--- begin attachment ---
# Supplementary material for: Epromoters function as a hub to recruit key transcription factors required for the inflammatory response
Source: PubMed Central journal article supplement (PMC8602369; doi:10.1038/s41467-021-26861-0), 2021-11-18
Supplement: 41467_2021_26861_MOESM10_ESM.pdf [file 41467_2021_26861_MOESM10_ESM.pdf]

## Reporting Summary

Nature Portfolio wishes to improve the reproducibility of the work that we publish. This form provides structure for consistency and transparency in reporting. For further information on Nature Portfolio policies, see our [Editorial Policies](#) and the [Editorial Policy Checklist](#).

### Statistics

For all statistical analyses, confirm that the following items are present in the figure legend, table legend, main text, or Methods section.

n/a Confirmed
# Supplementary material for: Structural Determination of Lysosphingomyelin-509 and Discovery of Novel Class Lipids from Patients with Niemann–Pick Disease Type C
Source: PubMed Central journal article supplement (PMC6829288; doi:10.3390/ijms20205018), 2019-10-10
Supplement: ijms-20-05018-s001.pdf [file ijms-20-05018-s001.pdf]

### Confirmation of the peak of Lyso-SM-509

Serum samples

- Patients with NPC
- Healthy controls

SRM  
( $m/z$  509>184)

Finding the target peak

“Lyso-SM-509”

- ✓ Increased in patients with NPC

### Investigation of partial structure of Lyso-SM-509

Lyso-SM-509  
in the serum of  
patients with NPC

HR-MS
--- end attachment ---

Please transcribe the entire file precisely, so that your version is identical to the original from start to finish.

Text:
# Supplementary material for: Epromoters function as a hub to recruit key transcription factors required for the inflammatory response
Source: PubMed Central journal article supplement (PMC8602369; doi:10.1038/s41467-021-26861-0), 2021-11-18
Supplement: 41467_2021_26861_MOESM10_ESM.pdf [file 41467_2021_26861_MOESM10_ESM.pdf]

## Reporting Summary

Nature Portfolio wishes to improve the reproducibility of the work that we publish. This form provides structure for consistency and transparency in reporting. For further information on Nature Portfolio policies, see our [Editorial Policies](#) and the [Editorial Policy Checklist](#).

### Statistics

For all statistical analyses, confirm that the following items are present in the figure legend, table legend, main text, or Methods section.

n/a Confirmed
# Supplementary material for: Structural Determination of Lysosphingomyelin-509 and Discovery of Novel Class Lipids from Patients with Niemann–Pick Disease Type C
Source: PubMed Central journal article supplement (PMC6829288; doi:10.3390/ijms20205018), 2019-10-10
Supplement: ijms-20-05018-s001.pdf [file ijms-20-05018-s001.pdf]

### Confirmation of the peak of Lyso-SM-509

Serum samples

- Patients with NPC
- Healthy controls

SRM  
( $m/z$  509>184)

Finding the target peak

“Lyso-SM-509”

- ✓ Increased in patients with NPC

### Investigation of partial structure of Lyso-SM-509

Lyso-SM-509  
in the serum of  
patients with NPC

HR-MS